It towers above everything, an intrusive landmark in a city renowned for architectural beauty. Barcelona’s church above all churches, La Sagrada Familia, or to be precise, the Basilica and Expiatory Church of the Holy Family, reaches for the skies in a fashion that is beautiful, powerful, and awesome, or awful, depending on one’s taste.
Begun in 1882 and taken over a year later by celebrated Catalan architect Antoini Gaudi, construction continues in an effort to find completion by 2026, the centennial marking Gaudi’s death. Gaudi’s take on gothic design insures that the church will stand alone – a “one off” – a grand curiosity, much like St. Basil’s in Moscow’s Red Square, whose “bonfire” design sets her above all Russian Orthodox churches of the sixteenth century.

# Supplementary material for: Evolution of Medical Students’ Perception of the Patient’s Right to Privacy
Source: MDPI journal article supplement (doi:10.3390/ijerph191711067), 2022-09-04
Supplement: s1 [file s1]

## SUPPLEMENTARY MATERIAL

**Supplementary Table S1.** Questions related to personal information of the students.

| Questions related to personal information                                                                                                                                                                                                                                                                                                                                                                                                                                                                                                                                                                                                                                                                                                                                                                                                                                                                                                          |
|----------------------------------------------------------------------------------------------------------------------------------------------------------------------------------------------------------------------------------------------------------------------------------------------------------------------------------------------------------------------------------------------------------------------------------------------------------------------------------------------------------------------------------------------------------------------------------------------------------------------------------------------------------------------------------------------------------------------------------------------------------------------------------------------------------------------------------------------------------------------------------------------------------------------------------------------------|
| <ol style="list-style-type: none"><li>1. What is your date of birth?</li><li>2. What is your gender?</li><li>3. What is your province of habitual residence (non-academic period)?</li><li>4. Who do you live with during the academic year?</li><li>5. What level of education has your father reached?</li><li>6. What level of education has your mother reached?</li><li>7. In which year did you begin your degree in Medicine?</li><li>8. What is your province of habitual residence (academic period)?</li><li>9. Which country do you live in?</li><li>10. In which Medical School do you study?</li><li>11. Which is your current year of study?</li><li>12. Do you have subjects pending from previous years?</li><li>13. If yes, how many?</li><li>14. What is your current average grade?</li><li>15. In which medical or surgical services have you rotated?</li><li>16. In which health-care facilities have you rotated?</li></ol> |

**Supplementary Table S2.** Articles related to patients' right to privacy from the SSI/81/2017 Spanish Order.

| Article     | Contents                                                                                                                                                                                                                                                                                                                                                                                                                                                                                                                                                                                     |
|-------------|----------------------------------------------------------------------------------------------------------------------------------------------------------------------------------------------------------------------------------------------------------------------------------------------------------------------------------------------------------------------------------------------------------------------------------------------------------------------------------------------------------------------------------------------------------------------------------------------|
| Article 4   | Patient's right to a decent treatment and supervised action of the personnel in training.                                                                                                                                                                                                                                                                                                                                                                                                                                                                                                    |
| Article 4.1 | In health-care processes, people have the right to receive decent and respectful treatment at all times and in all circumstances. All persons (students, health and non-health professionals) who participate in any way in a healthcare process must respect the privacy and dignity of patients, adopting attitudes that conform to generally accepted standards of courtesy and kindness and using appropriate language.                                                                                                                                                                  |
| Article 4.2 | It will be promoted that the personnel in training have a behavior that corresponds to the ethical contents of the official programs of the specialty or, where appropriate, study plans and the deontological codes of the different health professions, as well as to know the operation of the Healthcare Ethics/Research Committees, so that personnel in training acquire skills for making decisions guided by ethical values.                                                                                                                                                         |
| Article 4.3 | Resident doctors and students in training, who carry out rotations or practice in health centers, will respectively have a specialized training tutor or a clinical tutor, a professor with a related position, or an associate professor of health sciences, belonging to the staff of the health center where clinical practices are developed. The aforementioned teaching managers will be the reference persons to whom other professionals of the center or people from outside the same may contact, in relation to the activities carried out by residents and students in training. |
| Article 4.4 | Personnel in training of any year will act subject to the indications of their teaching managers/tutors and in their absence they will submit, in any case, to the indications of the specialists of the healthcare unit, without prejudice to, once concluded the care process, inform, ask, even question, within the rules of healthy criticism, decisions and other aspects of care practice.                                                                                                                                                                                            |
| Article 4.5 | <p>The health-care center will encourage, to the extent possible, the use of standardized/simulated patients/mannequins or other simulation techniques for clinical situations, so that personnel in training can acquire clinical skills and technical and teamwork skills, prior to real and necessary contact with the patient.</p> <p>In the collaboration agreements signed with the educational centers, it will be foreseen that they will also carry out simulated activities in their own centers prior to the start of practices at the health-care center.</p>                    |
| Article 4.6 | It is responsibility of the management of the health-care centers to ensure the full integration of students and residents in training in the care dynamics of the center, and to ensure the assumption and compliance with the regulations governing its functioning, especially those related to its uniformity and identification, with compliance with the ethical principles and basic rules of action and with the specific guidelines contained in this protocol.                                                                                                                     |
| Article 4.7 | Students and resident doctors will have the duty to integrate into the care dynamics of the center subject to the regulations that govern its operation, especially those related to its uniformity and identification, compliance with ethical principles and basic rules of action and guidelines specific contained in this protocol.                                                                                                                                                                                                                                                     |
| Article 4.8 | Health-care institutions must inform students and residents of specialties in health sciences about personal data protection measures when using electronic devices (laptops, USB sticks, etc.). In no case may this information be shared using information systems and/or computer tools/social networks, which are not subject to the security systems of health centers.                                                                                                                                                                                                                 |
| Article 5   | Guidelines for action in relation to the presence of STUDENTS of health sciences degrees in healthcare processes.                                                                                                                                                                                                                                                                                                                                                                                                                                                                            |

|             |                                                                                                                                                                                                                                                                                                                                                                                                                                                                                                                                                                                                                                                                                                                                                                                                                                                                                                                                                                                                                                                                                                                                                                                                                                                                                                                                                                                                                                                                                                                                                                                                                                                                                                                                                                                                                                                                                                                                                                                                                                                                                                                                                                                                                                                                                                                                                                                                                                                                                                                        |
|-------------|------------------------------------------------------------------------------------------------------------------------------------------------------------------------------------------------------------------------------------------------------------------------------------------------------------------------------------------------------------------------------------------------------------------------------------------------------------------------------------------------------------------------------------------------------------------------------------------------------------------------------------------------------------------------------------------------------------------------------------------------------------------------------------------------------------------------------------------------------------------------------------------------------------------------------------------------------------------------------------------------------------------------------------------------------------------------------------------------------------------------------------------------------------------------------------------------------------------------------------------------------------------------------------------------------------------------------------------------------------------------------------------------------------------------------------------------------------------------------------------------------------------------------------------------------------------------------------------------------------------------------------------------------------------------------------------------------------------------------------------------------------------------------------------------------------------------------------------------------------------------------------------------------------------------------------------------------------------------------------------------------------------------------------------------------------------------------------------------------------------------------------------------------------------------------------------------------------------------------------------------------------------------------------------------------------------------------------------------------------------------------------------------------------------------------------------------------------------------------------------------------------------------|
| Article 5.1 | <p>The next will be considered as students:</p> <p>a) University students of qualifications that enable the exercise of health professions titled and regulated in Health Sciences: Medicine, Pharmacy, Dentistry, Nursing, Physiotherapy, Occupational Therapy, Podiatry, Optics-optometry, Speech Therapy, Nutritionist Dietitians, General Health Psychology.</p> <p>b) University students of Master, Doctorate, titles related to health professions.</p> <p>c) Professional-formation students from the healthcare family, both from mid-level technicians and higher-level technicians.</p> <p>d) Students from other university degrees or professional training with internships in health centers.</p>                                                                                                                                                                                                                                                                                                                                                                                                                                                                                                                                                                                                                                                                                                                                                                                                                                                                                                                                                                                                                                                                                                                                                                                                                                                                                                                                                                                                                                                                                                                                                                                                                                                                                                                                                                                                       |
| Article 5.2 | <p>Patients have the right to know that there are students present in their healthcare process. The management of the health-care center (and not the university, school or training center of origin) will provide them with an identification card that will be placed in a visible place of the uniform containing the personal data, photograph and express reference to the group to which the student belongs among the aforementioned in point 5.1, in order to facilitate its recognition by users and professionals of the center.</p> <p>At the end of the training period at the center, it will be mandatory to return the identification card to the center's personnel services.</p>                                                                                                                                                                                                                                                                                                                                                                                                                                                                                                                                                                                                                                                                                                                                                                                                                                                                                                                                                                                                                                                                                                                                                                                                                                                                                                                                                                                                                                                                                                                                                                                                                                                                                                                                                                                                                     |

Although there is much to appreciate in church architecture that reaches for the heavens in an attempt to inspire a sense of wonder and awe, the Sagrada Familia and St. Basil’s fail in their attempts to house a Holy God. He doesn’t dwell in temples made with hands. His glory cannot be reduced to stone, mortar, glass, gold, or reaching spire. In the heavens His glory is declared, and in the humble heart alone it finds its home.